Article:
The Reserve Bank of India (RBI) bought gold for the first time in nearly a decade during its last fiscal year.
The Indian central bank added 8.46 tons of gold during the fiscal year ending June 30, according to its latest annual report. The additional yellow metal brings India’s total gold reserves to 566.23 tons.
The last time the RBI bought gold was in November 2009. The Economic Times of India called the central bank’s decision to add to its gold reserves “significant.”
Indians are buying gold.
Imports of the yellow metal into India jumped for the first time in seven months in July and the trend appears to be carrying forward into August, according to a report in the Times of India. Gold sales have surged 15% by volume over last year as Indians took advantage of soft prices and kicked off the wedding and festival season early.
According to jeweler associations in India, demand could finish up as much as 20% in August compared with 2017.
Gold imports into India jumped for the first time in seven months in July as jewelers replenished stocks.
Indian gold purchases surged 44.2% year-on-year to 75 tons.
India ranks as the number two consumer of gold in the world. According to a Reuters report, increased demand, “could support global prices,” which are struggling to hold ground in a strong dollar environment.
Analysts expect demand for gold in India to surge in the second half of the year thanks to a good outlook for farmers.
A good start to the rainy season along with higher minimum support (MSP) for summer crops should boost the gold trade, according to a report in the Economic Times of India. Analysts expect a 25% increase in gold demand compared to the second half of last year.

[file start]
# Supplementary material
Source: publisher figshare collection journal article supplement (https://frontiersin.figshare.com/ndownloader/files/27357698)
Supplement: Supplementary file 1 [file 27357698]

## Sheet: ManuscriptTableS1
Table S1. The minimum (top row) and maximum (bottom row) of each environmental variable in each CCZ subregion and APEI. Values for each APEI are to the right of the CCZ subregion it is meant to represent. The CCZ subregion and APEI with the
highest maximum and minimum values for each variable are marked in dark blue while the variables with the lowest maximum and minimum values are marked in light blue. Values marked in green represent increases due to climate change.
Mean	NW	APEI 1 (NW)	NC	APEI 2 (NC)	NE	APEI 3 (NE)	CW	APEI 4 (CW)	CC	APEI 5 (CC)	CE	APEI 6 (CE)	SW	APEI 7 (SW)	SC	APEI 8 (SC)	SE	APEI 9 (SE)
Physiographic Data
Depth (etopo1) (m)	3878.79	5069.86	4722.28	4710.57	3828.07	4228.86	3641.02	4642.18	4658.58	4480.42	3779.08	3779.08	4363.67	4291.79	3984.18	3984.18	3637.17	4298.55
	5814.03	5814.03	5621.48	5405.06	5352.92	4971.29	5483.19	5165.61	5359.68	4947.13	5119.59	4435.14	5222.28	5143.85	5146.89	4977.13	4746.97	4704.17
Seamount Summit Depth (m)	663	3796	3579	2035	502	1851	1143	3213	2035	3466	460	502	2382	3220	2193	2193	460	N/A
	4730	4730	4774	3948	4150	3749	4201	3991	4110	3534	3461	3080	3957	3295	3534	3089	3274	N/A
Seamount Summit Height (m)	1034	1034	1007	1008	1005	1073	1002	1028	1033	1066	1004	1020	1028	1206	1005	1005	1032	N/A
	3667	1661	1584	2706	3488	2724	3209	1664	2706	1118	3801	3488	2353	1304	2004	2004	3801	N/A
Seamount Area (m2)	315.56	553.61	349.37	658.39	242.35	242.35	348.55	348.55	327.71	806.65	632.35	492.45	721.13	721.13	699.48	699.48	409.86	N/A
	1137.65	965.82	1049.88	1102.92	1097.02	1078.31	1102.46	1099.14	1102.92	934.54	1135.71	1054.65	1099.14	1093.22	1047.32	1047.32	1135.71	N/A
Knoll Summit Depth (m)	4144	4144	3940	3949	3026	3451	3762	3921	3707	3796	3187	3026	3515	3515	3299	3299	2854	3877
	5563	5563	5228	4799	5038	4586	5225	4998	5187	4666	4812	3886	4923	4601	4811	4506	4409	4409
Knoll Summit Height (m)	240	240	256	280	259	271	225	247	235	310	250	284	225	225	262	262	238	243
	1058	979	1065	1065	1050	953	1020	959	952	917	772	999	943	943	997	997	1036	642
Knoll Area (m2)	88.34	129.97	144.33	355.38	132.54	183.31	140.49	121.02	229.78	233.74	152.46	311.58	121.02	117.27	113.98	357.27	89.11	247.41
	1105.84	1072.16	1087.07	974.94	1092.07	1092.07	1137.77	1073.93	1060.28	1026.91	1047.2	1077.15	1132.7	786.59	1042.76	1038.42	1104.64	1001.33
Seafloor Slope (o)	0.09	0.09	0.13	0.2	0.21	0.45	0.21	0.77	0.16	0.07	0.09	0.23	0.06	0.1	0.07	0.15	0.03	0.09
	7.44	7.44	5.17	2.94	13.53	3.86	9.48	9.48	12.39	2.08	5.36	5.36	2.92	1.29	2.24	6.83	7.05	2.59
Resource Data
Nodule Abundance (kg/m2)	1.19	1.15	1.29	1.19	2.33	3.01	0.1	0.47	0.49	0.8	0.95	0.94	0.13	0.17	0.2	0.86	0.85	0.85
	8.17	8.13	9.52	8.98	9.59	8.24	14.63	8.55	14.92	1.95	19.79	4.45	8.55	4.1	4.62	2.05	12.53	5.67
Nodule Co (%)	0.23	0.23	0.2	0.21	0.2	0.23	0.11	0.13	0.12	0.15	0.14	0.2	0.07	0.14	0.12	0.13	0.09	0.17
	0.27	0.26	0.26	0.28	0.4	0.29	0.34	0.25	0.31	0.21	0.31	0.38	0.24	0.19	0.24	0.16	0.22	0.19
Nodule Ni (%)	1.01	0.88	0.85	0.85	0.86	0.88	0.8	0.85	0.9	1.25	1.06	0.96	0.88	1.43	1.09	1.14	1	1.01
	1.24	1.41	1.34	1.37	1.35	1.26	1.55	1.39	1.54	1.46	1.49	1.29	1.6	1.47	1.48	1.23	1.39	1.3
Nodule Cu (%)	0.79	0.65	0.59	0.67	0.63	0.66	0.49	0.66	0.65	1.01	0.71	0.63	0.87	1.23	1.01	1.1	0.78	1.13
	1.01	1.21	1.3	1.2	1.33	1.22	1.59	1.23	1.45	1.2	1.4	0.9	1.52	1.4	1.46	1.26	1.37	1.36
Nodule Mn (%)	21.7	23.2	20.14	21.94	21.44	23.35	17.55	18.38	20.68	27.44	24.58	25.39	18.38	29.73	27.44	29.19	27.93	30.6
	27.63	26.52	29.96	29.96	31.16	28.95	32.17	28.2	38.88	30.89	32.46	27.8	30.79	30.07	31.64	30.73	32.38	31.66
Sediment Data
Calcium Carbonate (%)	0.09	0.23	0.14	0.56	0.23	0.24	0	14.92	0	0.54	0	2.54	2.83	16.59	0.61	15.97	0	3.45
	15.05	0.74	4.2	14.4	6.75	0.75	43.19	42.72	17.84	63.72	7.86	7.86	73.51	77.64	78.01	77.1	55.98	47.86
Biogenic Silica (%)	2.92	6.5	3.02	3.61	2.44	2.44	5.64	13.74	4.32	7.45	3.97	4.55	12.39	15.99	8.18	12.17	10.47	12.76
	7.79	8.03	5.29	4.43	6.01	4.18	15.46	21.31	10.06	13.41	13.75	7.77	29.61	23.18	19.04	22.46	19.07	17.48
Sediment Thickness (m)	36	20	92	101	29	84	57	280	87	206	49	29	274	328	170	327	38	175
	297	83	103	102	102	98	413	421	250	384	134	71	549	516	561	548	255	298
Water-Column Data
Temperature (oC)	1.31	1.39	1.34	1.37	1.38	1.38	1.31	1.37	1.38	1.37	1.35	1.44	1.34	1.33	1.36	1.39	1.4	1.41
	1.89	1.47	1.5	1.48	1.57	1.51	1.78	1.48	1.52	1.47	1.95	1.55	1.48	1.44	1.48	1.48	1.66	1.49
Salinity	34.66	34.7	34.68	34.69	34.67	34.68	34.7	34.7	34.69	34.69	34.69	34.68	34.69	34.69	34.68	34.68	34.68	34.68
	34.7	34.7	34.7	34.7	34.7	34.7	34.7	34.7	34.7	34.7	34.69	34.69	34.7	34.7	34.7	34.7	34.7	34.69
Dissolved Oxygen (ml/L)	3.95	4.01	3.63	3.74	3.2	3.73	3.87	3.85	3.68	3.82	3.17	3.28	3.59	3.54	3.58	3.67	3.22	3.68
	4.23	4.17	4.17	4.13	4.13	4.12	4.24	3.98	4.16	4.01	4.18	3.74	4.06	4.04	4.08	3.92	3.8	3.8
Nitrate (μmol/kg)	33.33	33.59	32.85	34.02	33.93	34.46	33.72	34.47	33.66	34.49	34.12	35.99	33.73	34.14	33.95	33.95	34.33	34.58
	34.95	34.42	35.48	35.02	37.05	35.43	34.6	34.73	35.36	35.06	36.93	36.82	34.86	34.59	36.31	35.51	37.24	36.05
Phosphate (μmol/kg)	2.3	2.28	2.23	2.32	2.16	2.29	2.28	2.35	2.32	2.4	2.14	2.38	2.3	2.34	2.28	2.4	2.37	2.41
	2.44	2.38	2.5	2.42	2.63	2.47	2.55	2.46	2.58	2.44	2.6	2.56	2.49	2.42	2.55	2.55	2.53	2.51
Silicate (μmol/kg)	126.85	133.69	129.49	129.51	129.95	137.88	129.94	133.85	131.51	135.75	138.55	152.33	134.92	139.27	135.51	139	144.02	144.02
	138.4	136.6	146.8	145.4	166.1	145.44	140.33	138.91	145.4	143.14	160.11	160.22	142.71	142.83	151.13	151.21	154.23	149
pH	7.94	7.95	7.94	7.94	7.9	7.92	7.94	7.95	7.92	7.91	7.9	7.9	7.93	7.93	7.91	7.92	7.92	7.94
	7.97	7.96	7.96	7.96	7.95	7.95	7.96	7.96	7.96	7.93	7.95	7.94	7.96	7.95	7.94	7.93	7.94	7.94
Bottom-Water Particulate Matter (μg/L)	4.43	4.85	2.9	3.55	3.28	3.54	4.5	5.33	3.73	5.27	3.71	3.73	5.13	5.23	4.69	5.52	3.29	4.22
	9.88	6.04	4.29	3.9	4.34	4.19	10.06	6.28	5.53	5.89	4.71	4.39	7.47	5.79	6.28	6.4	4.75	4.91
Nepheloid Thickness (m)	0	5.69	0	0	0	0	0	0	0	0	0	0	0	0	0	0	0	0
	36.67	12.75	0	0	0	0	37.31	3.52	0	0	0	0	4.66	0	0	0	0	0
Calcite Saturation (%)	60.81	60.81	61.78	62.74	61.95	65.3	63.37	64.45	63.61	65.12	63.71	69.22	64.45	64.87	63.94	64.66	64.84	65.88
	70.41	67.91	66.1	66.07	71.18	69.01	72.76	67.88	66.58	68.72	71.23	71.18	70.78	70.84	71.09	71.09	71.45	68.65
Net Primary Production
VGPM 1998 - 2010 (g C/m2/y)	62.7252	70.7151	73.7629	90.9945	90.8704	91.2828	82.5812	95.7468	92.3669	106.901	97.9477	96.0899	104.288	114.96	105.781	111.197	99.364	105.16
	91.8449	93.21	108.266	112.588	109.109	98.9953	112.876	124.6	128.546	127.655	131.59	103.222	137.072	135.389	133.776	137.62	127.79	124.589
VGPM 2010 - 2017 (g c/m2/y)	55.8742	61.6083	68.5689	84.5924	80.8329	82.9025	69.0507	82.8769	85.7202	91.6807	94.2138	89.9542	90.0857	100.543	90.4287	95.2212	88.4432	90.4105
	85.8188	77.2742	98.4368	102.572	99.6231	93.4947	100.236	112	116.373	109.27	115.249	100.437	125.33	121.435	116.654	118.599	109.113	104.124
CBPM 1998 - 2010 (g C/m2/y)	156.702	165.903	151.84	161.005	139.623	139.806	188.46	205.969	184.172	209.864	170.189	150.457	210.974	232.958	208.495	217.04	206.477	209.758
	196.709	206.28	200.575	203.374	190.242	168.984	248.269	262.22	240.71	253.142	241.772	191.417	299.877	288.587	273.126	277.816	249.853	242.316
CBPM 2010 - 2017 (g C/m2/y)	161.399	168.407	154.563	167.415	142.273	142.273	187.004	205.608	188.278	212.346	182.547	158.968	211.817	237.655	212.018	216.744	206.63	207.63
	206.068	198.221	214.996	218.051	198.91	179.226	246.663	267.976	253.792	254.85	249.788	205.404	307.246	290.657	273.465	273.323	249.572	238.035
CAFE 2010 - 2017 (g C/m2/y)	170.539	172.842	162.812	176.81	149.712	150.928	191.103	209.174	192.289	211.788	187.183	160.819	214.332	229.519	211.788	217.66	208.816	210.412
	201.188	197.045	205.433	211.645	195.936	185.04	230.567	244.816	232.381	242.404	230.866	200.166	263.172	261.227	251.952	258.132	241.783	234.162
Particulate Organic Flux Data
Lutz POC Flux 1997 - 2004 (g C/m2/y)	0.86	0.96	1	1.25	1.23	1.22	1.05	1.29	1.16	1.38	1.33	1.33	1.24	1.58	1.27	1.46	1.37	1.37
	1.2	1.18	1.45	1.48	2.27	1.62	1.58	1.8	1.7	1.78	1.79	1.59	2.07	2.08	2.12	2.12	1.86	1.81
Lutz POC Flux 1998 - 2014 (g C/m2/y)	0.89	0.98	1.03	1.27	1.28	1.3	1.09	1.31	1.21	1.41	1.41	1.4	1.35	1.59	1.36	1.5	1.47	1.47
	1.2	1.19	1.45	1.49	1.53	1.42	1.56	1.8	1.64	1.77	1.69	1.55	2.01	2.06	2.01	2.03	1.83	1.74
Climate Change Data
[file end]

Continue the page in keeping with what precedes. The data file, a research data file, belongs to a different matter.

Analysts say demand for gold in India will likely rise in the second half of the year thanks to a good monsoon season. Increasing demand for gold in the world’s second-largest market could help boost overall global demand for the yellow metal.
According to NDTV, monsoon rains hit Kerela at the end of May. This was a few days earlier than usual and bolstered an optimistic outlook for agricultural and economic output.
World Gold Council chief market strategist John Reade recently talked to Commodity TV about the current state of the gold market and what he sees in the future.
Reade cast an optimistic tone, saying the supply and demand fundamentals point toward a healthy, growing gold market moving forward.
I always enjoyed watching the TV show, Dirty Jobs. Mainly because it made me feel better about sitting at a computer writing stuff all day. It can be monotonous, but it certainly beats inspecting sewers, or wrangling snakes, or chicken sexing.
But what if the payoff for your dirty job was gold? Would you consider it?
Some people in India do. They scavenge through, dust, grime and sewage on Mumbai’s streets to collect gold.
Chinese and Indians love gold. It is not only considered an investment and a way to protect wealth. The yellow metal also weaves itself into the cultural fabric of both countries. Gold is often given as gifts at weddings, and during other holidays and festivals. This affinity for gold has led some to dub a major component of overall demand for the yellow metal in India and China the “love trade.”
According to an article published in Forbes, the love trade is looking pretty good for the rest of 2018. This bodes well for overall gold demand, as China and India rank as the No. 1 and No. 2 gold markets in the world.
Indians are hoarding their gold despite an increase in the price during the first quarter of 2018. Analysts say they are holding onto their gold in anticipation of bigger price increases.
Gold was up around 1.5% in dollar terms in the first quarter of this year. According to the Economic Times of India, the yellow metal appreciated 4.41% in rupees.
Even with that healthy increase, old gold sales in India fell by 35-40% in Q1 2018 compared to the previous quarter. According to the paper, analysts and traders think Indians are holding back selling in anticipation of further price increases, especially if the US and China get into a full-blown trade war.